Straining Miik Solids.

…removing milk solids. Add Tea Syrup to filtered booze mixture and pour into clean containers. Allow to stand for a couple days. Rack clear liquid off of any accumulated sediment into clean, sanitized bottles and store. Chill well before serving. Serve on ice and garnish with freshly grated nutmeg. Makes about 3 gallons.

Krabappel Punch

Here are a few pictures from the event!

Krabappel Punch Sign

Krabappel Punch Sign

Reyka Vodka Tablescape.

Reyka Vodka Tablescape.

Punch Station Ready to Go.

Punch Station Ready to Go.

Should Bartenders Just Drink Cocktails

A couple weeks ago a friend, Jennifer Seidman, posted the following on facebook:

“I think its time all bartenders come out of the closet and admit we don’t drink cocktails. Truth.”

On the other hand, a while back there was a Class Magazine Interview with Sasha Petraske.

Sasha Petraske: I’m No Genius

(If you have an interest in modern bars and cocktails, I recommend reading the whole article linked above.)

Along with other things, the following quote seems to have generated a lot of controversy among the cocktail and bartender crowds.

“And he’ll always expect his staff’s passion for cocktails to be more than skin-deep. ‘Cocktail bartenders should drink cocktails. If you prefer a beer, you are a hypocrite and are morally wrong. You probably make bad cocktails too. It’s like being an acupuncturist and going to see a western doctor when you get sick.'”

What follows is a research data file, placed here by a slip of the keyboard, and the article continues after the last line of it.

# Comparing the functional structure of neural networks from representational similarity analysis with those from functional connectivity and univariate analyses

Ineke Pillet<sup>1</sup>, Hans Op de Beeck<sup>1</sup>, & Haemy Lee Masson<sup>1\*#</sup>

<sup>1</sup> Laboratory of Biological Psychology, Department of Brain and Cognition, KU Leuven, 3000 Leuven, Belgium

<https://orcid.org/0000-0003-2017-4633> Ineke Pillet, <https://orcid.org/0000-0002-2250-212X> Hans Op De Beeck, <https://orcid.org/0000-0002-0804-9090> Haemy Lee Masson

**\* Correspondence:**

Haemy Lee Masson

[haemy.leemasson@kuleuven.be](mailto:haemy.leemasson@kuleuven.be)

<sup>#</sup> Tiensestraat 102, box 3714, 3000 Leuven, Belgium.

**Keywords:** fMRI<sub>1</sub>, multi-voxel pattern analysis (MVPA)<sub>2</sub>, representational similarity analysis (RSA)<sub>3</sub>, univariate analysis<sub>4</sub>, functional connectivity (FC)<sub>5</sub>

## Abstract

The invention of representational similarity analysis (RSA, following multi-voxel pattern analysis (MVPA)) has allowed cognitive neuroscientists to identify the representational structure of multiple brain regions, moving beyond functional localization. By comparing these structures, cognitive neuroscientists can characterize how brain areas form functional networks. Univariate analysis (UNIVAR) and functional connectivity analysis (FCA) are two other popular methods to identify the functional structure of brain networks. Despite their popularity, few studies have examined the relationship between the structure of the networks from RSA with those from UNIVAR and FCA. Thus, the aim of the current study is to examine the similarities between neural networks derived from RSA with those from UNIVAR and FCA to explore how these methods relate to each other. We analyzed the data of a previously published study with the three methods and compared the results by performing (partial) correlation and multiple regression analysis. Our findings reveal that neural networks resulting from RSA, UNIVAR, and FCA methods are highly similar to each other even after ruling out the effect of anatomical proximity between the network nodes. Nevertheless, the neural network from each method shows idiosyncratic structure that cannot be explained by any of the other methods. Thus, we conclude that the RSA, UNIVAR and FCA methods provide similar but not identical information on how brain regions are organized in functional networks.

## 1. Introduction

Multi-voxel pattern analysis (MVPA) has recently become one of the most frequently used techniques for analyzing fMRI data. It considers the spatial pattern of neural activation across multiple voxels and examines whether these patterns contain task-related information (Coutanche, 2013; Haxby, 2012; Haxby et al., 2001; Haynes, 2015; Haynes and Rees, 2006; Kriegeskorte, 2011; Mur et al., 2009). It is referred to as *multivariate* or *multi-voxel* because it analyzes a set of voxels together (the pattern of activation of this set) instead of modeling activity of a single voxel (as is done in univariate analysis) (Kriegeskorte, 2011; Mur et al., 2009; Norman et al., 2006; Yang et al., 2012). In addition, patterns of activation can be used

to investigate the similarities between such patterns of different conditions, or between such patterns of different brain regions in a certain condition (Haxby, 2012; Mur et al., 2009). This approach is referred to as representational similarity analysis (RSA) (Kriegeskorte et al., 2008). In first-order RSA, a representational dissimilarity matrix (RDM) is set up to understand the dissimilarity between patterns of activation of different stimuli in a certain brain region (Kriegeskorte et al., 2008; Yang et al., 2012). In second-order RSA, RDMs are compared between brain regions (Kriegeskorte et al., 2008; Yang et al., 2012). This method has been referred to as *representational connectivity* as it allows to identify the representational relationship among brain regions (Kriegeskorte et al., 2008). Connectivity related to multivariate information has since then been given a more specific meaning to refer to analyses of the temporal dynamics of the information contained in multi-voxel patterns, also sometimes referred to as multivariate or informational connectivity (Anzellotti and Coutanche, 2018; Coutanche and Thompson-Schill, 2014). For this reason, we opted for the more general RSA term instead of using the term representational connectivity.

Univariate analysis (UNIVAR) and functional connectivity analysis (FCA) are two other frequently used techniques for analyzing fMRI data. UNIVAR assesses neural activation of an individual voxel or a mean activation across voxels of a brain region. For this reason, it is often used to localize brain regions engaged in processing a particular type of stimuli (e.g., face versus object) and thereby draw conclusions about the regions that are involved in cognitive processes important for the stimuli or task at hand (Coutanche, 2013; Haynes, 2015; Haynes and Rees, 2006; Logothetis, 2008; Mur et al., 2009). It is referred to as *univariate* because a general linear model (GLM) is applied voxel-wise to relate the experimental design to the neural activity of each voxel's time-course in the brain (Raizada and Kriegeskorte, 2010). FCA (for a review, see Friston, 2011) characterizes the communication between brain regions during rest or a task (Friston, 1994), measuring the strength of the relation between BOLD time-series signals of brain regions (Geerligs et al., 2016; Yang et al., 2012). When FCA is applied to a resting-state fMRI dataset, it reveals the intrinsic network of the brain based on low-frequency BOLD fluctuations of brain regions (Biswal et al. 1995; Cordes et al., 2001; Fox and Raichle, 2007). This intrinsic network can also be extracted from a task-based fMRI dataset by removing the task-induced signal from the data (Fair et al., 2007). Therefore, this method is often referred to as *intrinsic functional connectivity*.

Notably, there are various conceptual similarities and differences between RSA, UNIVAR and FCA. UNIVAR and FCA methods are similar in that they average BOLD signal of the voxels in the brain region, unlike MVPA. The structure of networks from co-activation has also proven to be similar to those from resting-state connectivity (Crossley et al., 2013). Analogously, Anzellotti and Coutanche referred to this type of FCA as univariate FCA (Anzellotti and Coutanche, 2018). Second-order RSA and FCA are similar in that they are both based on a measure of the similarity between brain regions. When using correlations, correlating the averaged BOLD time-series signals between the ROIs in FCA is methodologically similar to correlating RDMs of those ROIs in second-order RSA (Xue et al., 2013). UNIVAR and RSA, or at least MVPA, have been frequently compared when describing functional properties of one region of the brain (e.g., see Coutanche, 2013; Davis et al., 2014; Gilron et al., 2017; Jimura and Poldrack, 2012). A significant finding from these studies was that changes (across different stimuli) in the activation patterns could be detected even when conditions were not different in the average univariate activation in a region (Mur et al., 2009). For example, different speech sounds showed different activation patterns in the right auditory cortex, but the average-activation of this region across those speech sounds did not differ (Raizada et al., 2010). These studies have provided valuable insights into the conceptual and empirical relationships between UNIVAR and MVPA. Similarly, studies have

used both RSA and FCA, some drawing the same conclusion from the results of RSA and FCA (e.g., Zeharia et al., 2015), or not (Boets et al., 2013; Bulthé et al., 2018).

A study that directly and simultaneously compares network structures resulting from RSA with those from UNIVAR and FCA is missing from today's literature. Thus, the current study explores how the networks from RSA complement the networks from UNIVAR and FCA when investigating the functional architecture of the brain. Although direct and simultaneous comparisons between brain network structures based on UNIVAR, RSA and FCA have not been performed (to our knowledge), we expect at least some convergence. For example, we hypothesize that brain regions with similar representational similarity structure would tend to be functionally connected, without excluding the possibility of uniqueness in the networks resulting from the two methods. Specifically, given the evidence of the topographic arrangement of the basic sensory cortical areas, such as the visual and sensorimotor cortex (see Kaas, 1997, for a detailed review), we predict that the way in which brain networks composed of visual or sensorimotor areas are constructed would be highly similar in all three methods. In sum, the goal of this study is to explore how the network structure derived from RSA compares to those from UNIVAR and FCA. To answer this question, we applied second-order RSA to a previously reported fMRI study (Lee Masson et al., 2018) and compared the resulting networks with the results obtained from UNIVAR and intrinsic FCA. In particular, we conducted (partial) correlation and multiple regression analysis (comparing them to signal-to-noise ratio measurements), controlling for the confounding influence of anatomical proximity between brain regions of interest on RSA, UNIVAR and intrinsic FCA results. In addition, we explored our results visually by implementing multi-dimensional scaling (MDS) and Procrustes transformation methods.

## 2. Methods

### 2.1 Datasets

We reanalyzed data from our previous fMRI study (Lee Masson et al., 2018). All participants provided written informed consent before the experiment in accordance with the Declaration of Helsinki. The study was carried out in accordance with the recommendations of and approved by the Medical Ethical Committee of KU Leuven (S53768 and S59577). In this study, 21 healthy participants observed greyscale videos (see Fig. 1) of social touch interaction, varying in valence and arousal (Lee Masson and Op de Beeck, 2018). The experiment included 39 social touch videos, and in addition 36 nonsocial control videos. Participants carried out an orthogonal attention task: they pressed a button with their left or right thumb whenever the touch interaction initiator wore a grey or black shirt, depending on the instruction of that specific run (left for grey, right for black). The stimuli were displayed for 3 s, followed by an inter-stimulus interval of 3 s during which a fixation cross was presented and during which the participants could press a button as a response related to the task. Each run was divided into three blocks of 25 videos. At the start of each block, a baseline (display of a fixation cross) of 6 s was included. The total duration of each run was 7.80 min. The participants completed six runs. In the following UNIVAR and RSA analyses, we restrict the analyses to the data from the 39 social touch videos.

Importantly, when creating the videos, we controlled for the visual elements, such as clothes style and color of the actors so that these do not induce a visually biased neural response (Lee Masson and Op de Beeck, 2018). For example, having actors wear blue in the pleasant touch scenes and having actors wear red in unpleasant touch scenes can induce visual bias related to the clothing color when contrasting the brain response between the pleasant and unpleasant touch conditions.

Provocative statement, eh, from the person who opened (or helped to open) Milk & Honey, Little Branch, White Star, The Varnish, Dutch Kills, and Weather Up.

The two statements, though, seem to represent such opposite views, that they got me thinking.

First, I think Mr. Petraske’s use of the words “hypocrite” and “morally wrong” are sheer hyperbole, designed to fuel the Sasha Petraske hype machine.

In my opinion, words or phrases like “hypocrite” and “morally wrong”, should be reserved issues of some consequence in the world, not referring to whether a bartender has a beer or a cocktail after work.

Second, many bartenders don’t drink AT ALL. Either because they are recovering, or for health and/or cultural reasons. I should say, “Many GREAT bartenders I know and RESPECT, don’t drink AT ALL.” I am not sure what Mr Petraske would say about these people; but historically, it is interesting to note, that many of the bartenders who have actually managed to publish cocktail or bar books later in their lives, were the ones who did not drink.

Third, Bartenders, even ‘cocktail bartenders’, serve more than cocktails at bars. It behooves us to be familiar with Beers, Wines, Spirits, Soft-Drinks, coffee, tea, etc., not just Cocktails. We have to have opinions on everything we serve, not just the cocktails.

Thus, If a bar or restaurant has an interesting wine or beer that I’ve been dying to try, I might drink that instead of availing myself of their cocktails.

Not to mention, if I’m having food, I’m going to pick an appropriate beverage to complement my meal, not blanket order cocktails with everything.